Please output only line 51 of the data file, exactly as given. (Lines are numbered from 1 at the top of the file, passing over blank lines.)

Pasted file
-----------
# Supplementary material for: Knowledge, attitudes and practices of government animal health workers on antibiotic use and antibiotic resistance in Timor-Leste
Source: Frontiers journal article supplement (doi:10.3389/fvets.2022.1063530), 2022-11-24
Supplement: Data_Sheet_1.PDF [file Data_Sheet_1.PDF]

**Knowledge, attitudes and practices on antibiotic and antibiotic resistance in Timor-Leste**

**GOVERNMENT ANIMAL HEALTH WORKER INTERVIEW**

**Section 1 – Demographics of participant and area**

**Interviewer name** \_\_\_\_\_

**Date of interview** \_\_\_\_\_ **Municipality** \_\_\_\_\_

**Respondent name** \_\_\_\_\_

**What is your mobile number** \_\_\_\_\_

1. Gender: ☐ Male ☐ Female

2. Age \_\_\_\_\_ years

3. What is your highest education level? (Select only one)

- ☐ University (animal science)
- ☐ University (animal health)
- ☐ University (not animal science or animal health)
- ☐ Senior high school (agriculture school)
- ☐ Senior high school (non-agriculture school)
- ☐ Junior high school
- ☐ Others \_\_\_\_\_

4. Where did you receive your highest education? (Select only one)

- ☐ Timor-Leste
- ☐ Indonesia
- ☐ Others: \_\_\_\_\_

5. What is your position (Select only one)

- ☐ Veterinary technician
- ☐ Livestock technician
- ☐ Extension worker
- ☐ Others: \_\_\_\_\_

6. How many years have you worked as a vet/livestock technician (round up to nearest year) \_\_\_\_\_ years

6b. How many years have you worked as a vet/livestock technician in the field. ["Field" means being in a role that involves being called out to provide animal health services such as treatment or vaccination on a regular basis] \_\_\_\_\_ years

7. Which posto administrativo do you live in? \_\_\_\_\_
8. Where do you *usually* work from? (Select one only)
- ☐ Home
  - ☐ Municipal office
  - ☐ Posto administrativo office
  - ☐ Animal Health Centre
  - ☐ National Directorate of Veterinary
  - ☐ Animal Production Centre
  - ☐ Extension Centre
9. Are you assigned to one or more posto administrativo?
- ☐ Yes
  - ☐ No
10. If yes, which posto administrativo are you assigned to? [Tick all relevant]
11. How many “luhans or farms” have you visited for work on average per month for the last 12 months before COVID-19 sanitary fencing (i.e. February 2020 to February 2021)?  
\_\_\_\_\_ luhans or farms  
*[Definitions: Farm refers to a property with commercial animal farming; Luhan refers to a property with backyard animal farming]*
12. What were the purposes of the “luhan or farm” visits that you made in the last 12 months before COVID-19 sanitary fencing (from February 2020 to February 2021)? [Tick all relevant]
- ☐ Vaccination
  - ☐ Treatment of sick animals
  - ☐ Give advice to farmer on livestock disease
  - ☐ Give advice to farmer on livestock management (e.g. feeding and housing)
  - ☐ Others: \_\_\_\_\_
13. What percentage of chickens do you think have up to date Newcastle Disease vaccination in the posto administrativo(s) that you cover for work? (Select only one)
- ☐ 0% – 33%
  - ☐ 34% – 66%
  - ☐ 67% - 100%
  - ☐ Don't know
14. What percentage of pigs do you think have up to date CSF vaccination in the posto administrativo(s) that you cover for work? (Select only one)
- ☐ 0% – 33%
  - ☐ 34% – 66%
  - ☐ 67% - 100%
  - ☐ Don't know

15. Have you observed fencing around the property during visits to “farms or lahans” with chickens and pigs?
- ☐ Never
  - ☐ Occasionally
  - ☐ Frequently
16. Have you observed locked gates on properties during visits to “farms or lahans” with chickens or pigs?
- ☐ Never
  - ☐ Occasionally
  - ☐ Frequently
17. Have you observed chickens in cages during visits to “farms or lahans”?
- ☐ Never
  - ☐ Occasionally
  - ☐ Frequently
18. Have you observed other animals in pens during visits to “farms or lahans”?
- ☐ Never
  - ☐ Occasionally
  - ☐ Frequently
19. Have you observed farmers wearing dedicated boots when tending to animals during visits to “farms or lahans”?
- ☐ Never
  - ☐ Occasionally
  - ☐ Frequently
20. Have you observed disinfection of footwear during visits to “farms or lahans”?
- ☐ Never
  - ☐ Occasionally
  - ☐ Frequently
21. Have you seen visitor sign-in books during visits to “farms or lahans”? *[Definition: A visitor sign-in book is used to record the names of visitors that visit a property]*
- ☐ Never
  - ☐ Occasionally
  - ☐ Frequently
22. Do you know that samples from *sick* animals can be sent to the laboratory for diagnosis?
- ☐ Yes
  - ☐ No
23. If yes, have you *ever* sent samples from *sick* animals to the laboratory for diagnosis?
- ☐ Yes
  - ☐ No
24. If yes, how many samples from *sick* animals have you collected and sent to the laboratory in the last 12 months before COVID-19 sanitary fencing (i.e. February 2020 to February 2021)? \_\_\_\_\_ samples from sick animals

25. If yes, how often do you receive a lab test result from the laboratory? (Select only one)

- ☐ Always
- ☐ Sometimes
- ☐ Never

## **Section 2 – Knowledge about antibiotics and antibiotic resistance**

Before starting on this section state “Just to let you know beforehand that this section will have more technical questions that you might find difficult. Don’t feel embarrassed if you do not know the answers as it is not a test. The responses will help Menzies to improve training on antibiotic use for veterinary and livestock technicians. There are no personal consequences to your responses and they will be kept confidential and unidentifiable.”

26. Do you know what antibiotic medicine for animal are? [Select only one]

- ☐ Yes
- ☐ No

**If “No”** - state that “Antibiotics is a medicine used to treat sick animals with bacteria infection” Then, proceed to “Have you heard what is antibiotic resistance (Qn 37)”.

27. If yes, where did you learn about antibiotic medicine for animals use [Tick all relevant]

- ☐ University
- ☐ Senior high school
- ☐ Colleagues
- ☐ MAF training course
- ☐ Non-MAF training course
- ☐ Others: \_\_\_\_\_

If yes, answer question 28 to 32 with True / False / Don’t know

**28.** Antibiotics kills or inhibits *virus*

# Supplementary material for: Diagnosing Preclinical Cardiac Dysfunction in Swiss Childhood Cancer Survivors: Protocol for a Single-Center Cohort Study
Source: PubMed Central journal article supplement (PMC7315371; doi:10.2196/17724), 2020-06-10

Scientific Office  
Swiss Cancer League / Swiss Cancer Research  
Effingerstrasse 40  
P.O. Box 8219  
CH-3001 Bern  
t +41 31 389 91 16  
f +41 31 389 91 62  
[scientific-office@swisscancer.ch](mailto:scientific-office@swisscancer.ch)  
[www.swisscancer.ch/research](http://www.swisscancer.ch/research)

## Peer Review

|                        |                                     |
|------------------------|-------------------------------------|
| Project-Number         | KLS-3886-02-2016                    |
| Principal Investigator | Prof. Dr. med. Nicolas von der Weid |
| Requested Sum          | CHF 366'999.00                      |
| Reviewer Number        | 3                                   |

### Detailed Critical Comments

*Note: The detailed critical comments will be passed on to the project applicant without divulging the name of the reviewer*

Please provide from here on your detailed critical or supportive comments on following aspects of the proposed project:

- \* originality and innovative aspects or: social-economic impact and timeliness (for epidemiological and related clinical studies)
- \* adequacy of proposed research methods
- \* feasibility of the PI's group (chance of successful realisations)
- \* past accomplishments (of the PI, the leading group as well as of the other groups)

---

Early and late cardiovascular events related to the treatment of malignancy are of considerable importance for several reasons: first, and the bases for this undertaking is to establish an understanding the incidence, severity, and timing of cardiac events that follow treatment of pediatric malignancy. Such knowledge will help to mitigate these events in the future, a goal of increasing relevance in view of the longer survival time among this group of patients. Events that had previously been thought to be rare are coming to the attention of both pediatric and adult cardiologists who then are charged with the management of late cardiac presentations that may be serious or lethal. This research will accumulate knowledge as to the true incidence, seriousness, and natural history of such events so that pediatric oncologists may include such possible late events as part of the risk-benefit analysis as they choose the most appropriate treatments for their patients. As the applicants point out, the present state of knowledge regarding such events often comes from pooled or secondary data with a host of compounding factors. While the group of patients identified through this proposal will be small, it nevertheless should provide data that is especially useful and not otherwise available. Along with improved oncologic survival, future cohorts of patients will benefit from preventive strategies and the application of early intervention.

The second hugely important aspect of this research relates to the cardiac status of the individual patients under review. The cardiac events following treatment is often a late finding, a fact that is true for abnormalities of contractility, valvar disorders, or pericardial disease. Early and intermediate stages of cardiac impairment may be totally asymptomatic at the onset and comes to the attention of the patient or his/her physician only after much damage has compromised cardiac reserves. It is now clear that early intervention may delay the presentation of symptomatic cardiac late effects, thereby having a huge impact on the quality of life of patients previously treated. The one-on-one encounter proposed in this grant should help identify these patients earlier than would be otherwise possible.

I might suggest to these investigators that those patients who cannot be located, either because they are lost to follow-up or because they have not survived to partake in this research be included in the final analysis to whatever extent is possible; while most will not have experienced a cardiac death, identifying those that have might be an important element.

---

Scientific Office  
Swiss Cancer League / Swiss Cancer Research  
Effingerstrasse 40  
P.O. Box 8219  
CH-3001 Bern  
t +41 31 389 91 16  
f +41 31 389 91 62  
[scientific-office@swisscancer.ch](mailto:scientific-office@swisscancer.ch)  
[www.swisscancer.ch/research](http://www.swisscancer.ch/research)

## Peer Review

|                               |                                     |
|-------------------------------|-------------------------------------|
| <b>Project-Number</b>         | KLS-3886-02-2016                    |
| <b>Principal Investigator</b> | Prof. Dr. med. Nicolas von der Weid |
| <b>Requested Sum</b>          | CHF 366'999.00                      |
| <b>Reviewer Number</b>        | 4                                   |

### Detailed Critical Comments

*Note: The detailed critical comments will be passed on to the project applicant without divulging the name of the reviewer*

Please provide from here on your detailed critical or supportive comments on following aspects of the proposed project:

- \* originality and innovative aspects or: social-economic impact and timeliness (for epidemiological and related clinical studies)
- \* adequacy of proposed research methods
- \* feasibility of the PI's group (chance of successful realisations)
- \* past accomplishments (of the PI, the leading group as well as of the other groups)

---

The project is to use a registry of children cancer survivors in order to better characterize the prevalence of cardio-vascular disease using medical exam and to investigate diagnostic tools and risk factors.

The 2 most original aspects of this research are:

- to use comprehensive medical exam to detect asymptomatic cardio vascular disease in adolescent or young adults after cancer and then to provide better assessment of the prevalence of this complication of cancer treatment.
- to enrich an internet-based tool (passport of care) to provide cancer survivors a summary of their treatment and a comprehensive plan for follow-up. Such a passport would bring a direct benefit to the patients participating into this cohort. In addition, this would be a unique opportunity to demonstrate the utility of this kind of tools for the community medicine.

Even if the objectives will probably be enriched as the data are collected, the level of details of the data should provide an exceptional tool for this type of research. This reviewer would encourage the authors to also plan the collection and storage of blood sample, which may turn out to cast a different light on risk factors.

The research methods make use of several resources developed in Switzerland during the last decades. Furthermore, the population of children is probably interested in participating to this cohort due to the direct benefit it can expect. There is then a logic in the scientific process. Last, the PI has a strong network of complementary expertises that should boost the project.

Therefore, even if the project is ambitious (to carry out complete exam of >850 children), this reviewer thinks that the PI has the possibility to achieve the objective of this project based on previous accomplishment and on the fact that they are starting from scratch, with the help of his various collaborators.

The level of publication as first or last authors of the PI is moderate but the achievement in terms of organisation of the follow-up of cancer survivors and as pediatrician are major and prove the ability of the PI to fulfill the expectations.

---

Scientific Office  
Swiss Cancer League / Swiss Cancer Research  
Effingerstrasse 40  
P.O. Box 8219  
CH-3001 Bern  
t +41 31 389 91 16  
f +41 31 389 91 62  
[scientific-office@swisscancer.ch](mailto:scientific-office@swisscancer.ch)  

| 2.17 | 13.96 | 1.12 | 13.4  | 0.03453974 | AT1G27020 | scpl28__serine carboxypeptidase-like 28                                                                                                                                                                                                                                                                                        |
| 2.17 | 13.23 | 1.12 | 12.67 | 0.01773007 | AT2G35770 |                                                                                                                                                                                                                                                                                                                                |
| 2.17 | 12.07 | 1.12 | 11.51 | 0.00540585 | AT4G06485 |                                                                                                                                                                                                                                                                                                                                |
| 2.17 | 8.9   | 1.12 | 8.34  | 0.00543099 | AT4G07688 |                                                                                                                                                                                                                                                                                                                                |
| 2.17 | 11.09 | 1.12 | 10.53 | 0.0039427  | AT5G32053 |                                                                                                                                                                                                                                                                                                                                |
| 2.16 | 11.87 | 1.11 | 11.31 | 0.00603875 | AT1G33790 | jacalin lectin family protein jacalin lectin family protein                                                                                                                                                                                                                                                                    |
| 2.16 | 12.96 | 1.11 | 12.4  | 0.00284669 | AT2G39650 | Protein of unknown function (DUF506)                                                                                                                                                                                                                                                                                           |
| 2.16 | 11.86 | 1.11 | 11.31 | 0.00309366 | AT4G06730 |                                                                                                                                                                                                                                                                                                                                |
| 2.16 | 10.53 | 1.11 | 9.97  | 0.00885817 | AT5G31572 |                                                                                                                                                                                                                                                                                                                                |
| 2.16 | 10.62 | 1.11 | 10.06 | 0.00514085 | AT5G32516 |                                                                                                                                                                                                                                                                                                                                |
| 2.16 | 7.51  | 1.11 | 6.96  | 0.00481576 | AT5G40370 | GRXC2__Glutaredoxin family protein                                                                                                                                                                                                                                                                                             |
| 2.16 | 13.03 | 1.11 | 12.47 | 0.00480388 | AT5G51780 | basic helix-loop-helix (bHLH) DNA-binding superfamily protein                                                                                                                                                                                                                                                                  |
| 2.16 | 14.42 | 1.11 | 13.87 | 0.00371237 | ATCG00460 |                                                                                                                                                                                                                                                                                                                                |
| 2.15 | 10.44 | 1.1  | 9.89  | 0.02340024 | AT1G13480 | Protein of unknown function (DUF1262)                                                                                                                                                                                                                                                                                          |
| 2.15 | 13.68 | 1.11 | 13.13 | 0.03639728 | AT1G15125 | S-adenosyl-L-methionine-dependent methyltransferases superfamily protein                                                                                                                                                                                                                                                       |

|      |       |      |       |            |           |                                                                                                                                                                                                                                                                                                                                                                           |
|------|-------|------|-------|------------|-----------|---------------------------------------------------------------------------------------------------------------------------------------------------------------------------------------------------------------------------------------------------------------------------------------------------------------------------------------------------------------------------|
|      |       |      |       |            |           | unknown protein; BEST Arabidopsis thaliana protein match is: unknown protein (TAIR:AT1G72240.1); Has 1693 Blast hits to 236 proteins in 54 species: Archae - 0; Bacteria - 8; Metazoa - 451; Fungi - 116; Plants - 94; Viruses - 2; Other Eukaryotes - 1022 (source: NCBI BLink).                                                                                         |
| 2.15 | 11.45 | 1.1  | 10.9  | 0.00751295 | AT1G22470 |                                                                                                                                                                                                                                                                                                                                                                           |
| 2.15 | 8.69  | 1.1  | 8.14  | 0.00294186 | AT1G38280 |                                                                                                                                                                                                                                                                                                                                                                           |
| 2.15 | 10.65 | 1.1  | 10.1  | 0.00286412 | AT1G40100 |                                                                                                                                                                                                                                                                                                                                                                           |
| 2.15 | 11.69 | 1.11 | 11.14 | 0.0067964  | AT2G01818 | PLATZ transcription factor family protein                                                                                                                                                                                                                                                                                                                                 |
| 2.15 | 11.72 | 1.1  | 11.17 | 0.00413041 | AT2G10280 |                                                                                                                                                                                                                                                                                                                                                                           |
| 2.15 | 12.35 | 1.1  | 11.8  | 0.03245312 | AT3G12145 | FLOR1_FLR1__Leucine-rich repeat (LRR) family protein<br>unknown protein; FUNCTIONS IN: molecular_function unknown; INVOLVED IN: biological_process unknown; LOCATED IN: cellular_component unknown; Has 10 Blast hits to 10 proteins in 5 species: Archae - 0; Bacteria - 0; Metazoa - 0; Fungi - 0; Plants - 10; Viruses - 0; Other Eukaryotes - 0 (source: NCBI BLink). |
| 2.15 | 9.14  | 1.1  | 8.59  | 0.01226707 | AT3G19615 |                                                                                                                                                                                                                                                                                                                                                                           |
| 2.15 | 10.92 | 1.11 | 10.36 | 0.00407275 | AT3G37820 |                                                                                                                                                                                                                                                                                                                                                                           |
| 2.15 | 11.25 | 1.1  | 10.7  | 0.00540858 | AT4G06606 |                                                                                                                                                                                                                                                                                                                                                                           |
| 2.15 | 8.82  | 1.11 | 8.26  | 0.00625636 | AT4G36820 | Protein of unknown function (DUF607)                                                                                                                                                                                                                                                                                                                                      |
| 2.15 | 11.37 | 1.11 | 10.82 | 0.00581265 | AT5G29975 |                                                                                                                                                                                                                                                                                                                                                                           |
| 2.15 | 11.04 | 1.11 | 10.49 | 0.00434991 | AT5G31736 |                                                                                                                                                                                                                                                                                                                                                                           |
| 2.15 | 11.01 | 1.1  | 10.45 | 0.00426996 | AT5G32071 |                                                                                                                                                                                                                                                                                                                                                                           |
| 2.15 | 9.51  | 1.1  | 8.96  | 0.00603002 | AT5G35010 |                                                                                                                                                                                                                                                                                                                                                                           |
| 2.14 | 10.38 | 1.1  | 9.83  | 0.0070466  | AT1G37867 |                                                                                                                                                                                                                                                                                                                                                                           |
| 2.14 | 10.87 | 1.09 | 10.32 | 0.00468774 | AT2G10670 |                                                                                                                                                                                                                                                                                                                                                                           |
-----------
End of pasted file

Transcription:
  - ☐ Give advice to farmer on livestock disease